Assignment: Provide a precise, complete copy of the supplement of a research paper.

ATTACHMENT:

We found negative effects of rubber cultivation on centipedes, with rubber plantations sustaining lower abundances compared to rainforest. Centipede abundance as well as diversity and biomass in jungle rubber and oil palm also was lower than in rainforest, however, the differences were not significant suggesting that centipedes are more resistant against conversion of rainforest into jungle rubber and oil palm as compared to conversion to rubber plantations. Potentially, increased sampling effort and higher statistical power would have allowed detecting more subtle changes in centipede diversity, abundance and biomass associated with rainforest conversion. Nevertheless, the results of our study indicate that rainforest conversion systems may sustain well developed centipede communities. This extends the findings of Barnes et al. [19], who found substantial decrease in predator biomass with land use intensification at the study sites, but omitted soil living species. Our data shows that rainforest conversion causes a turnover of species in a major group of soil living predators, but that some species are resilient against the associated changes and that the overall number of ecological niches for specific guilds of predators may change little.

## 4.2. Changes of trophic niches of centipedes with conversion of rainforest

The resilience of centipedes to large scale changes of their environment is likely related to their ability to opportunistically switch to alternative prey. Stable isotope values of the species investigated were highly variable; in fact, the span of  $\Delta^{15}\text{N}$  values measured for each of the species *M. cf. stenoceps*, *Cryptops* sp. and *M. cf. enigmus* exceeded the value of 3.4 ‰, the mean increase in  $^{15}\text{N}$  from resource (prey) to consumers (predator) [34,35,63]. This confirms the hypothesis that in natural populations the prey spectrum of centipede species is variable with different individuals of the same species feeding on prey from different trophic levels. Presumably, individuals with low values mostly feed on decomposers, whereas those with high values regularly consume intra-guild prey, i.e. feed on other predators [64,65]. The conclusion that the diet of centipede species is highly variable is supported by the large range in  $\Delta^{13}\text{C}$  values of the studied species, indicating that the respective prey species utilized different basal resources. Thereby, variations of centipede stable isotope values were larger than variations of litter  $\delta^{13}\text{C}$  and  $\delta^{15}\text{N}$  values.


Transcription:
We found negative effects of rubber cultivation on centipedes, with rubber plantations sustaining lower abundances compared to rainforest. Centipede abundance as well as diversity and biomass in jungle rubber and oil palm also was lower than in rainforest, however, the differences were not significant suggesting that centipedes are more resistant against conversion of rainforest into jungle rubber and oil palm as compared to conversion to rubber plantations. Potentially, increased sampling effort and higher statistical power would have allowed detecting more subtle changes in centipede diversity, abundance and biomass associated with rainforest conversion. Nevertheless, the results of our study indicate that rainforest conversion systems may sustain well developed centipede communities. This extends the findings of Barnes et al. [19], who found substantial decrease in predator biomass with land use intensification at the study sites, but omitted soil living species. Our data shows that rainforest conversion causes a turnover of species in a major group of soil living predators, but that some species are resilient against the associated changes and that the overall number of ecological niches for specific guilds of predators may change little.

## 4.2. Changes of trophic niches of centipedes with conversion of rainforest

The resilience of centipedes to large scale changes of their environment is likely related to their ability to opportunistically switch to alternative prey. Stable isotope values of the species investigated were highly variable; in fact, the span of  $\Delta^{15}\text{N}$  values measured for each of the species *M. cf. stenoceps*, *Cryptops* sp. and *M. cf. enigmus* exceeded the value of 3.4 ‰, the mean increase in  $^{15}\text{N}$  from resource (prey) to consumers (predator) [34,35,63]. This confirms the hypothesis that in natural populations the prey spectrum of centipede species is variable with different individuals of the same species feeding on prey from different trophic levels. Presumably, individuals with low values mostly feed on decomposers, whereas those with high values regularly consume intra-guild prey, i.e. feed on other predators [64,65]. The conclusion that the diet of centipede species is highly variable is supported by the large range in  $\Delta^{13}\text{C}$  values of the studied species, indicating that the respective prey species utilized different basal resources. Thereby, variations of centipede stable isotope values were larger than variations of litter  $\delta^{13}\text{C}$  and  $\delta^{15}\text{N}$  values.